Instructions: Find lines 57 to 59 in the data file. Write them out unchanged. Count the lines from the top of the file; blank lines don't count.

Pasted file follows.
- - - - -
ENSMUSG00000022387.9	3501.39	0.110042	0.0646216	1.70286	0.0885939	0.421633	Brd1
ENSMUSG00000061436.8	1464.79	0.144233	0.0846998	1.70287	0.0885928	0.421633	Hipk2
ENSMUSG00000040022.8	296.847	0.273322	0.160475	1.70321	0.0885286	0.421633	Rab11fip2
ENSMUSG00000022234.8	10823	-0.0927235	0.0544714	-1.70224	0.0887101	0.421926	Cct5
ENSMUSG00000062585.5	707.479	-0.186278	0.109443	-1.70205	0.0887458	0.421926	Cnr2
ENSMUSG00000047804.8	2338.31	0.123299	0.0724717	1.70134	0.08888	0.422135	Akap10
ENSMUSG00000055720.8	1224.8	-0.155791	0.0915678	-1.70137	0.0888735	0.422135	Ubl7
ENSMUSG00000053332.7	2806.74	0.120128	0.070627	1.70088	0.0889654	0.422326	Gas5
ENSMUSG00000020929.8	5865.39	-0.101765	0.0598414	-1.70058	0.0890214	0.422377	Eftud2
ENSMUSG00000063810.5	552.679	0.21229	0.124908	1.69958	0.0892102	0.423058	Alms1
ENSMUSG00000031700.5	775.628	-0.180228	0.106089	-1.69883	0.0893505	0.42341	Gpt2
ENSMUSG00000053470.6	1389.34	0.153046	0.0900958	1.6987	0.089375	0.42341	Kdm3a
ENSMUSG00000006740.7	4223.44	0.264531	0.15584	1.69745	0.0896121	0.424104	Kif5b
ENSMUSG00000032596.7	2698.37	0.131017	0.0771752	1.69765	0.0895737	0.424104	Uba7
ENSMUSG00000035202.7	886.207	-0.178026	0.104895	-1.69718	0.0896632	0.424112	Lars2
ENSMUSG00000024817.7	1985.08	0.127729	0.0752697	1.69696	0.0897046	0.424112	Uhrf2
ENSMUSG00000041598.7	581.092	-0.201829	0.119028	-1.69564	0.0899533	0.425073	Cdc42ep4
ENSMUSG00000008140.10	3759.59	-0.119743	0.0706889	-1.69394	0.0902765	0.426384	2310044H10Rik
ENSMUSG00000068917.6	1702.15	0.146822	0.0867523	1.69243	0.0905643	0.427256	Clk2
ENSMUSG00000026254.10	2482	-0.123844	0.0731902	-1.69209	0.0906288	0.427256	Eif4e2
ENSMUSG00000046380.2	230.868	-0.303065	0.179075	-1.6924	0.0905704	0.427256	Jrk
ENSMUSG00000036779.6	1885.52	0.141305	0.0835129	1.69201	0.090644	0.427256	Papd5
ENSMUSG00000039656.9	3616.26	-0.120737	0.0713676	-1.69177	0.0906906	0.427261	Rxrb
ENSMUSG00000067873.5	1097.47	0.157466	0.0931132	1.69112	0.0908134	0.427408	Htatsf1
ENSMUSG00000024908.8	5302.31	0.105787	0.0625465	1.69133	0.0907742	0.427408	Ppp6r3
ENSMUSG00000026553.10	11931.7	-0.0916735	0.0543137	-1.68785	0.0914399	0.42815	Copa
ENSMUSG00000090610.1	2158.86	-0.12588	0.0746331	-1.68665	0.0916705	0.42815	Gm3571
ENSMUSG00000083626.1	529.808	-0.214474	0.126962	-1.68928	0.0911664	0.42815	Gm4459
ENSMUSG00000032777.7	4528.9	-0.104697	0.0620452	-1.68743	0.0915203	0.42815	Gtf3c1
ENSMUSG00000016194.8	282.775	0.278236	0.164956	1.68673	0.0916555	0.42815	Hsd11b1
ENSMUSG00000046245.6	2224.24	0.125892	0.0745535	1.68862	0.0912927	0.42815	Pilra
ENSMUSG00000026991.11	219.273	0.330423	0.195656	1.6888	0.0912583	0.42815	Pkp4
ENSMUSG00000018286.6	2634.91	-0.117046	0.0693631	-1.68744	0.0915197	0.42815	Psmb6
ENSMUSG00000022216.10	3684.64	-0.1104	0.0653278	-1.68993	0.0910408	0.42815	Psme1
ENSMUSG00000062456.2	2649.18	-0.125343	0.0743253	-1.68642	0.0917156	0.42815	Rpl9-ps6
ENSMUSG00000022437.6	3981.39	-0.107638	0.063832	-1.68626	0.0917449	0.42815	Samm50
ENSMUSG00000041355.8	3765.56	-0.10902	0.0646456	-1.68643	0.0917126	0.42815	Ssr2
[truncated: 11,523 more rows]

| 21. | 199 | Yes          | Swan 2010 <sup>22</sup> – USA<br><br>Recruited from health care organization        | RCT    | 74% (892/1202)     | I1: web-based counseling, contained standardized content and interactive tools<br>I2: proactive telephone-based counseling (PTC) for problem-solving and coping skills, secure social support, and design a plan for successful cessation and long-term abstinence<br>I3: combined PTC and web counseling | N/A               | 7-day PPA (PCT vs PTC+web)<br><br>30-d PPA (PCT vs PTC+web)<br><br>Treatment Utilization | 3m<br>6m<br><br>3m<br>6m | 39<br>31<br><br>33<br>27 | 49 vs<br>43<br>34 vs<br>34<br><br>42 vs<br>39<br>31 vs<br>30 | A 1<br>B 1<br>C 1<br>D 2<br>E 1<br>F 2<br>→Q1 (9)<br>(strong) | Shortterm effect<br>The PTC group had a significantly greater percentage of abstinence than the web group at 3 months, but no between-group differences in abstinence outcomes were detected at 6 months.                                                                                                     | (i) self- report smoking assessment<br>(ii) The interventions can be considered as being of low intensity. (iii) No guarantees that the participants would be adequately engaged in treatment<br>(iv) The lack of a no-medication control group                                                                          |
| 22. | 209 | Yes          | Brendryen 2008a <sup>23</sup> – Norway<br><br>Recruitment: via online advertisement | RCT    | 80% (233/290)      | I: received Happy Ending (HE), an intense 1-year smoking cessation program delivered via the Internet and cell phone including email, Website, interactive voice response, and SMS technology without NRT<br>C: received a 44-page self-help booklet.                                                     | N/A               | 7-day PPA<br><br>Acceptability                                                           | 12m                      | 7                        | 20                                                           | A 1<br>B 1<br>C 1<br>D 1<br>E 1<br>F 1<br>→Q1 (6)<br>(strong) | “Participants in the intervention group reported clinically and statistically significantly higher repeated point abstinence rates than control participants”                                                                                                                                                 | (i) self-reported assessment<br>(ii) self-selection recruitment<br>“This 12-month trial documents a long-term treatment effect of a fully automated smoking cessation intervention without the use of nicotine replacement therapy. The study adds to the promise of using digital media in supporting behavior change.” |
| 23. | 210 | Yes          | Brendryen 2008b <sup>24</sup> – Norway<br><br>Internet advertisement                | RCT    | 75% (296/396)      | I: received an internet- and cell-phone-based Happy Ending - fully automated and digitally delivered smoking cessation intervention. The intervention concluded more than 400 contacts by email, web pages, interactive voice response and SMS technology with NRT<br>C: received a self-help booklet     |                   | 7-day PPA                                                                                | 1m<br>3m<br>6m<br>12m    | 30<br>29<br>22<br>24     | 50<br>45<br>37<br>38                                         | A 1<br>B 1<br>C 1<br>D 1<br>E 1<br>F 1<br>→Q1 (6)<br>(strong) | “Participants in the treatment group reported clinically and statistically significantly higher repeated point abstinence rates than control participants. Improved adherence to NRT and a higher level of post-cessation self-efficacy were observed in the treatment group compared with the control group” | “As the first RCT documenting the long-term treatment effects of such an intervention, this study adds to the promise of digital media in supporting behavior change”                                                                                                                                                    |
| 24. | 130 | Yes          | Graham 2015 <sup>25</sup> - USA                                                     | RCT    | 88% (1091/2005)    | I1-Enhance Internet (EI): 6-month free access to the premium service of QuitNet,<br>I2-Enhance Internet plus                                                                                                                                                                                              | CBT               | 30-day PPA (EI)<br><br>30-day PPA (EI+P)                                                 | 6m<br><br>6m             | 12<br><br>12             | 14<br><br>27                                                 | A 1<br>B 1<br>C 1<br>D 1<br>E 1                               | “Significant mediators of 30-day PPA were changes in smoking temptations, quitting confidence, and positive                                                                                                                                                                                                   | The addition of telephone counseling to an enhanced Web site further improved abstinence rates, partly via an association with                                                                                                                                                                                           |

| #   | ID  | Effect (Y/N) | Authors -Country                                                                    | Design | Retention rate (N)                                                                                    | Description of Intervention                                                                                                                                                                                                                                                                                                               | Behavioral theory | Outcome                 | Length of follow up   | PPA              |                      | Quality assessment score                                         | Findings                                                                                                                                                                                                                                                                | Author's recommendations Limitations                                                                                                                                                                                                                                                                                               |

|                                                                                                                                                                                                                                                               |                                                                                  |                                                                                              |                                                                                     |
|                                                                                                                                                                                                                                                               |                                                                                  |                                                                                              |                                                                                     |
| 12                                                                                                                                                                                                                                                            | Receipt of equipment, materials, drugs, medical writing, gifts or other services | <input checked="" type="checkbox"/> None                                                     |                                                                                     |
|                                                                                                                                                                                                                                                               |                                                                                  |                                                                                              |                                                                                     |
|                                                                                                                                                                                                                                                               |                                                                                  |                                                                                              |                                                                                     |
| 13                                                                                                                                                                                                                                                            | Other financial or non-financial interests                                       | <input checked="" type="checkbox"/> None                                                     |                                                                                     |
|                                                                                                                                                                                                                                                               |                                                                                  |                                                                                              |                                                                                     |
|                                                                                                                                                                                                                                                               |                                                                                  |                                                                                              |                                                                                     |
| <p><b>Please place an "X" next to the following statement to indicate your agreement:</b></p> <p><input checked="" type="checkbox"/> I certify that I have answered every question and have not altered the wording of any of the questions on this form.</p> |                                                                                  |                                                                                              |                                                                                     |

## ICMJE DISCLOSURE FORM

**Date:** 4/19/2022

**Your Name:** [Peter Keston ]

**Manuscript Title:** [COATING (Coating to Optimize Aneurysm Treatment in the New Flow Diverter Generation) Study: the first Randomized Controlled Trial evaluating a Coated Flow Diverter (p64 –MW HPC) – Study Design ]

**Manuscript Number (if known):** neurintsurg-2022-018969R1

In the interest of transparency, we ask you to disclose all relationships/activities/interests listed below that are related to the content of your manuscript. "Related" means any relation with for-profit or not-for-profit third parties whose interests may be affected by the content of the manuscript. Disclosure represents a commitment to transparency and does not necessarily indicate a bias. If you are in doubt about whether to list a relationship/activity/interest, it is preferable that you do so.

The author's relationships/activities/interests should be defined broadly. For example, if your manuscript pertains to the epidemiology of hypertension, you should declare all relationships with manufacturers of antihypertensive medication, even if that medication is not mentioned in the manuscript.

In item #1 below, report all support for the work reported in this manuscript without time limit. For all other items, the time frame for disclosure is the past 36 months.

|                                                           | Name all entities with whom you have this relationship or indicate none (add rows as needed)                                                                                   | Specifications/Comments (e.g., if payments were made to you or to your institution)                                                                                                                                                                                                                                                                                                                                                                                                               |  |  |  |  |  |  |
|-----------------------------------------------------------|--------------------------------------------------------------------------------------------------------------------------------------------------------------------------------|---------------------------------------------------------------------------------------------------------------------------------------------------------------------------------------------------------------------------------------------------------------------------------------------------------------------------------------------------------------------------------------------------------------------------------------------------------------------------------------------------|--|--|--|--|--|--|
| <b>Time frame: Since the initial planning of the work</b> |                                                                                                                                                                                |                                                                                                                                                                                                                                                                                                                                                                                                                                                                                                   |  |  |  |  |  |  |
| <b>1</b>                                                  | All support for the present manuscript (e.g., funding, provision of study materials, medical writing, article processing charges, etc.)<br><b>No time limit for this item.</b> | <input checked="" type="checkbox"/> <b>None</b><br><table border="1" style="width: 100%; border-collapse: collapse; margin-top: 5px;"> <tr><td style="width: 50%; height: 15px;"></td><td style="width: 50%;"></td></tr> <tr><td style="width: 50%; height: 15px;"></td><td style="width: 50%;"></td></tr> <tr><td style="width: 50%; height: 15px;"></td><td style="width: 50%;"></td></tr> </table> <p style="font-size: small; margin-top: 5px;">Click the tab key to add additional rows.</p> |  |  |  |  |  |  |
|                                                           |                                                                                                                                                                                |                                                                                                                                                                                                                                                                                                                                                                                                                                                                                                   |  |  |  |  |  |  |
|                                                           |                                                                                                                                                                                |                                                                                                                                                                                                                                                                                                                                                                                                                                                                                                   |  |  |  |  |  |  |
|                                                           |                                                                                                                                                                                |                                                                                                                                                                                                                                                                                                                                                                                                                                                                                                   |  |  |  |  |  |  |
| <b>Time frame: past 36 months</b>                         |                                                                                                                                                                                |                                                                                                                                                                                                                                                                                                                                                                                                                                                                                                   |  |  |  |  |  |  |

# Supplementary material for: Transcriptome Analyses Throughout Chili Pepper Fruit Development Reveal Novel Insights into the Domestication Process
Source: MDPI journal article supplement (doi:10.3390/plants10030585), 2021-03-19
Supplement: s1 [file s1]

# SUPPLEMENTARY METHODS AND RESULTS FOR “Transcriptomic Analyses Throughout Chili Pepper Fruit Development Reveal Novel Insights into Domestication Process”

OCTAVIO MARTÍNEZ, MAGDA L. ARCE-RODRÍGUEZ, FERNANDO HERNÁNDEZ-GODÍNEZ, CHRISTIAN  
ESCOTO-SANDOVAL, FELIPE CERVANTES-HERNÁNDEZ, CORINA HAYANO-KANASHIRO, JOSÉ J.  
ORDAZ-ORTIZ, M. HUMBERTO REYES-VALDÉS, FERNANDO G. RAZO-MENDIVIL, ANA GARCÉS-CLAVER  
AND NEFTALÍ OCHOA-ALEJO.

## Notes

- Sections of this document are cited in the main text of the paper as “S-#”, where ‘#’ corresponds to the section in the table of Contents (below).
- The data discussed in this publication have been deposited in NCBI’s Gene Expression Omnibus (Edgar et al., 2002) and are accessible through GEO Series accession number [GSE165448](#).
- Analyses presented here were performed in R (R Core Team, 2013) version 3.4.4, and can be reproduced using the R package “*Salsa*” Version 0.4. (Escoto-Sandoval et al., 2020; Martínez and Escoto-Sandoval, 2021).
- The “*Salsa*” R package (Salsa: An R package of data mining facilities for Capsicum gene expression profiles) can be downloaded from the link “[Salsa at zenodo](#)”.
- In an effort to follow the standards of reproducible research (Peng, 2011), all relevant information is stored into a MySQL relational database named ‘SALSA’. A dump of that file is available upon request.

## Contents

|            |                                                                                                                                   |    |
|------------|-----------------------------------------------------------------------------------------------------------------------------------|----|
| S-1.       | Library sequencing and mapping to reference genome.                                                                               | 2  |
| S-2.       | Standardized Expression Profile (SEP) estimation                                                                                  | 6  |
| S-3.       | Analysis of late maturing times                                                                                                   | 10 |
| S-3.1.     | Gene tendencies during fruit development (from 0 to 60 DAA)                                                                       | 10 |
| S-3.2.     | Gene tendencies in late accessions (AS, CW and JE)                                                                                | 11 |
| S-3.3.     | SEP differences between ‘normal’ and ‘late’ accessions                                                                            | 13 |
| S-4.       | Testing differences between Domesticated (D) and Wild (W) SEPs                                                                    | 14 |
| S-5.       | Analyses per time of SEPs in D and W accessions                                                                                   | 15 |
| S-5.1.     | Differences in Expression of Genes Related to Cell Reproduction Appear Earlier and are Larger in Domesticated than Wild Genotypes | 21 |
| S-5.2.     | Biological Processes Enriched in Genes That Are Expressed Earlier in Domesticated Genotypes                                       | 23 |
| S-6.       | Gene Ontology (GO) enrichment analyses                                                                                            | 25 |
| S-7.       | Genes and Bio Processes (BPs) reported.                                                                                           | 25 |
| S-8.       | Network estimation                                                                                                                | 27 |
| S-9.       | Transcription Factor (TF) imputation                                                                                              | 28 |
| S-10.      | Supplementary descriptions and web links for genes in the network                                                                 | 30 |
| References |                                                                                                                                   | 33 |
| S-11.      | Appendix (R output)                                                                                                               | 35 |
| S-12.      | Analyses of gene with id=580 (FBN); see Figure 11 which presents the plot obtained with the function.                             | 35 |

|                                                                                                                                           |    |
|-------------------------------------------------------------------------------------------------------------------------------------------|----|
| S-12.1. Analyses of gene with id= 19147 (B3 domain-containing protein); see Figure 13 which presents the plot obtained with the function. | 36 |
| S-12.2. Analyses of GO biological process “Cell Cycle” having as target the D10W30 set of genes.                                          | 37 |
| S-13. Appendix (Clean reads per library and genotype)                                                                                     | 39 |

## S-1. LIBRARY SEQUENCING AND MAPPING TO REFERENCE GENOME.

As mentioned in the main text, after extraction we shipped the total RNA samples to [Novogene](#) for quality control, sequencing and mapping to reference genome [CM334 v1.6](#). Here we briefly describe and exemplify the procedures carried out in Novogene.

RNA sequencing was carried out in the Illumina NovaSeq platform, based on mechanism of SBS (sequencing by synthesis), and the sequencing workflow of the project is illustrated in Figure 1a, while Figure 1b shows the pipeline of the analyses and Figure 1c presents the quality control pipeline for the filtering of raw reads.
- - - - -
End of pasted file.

**Manuscript Number (if known):** neurintsurg-2022-018969R1

In the interest of transparency, we ask you to disclose all relationships/activities/interests listed below that are related to the content of your manuscript. "Related" means any relation with for-profit or not-for-profit third parties whose interests may be affected by the content of the manuscript. Disclosure represents a commitment to transparency and does not necessarily indicate a bias. If you are in doubt about whether to list a relationship/activity/interest, it is preferable that you do so.

The author's relationships/activities/interests should be defined broadly. For example, if your manuscript pertains to the epidemiology of hypertension, you should declare all relationships with manufacturers of antihypertensive medication, even if that medication is not mentioned in the manuscript.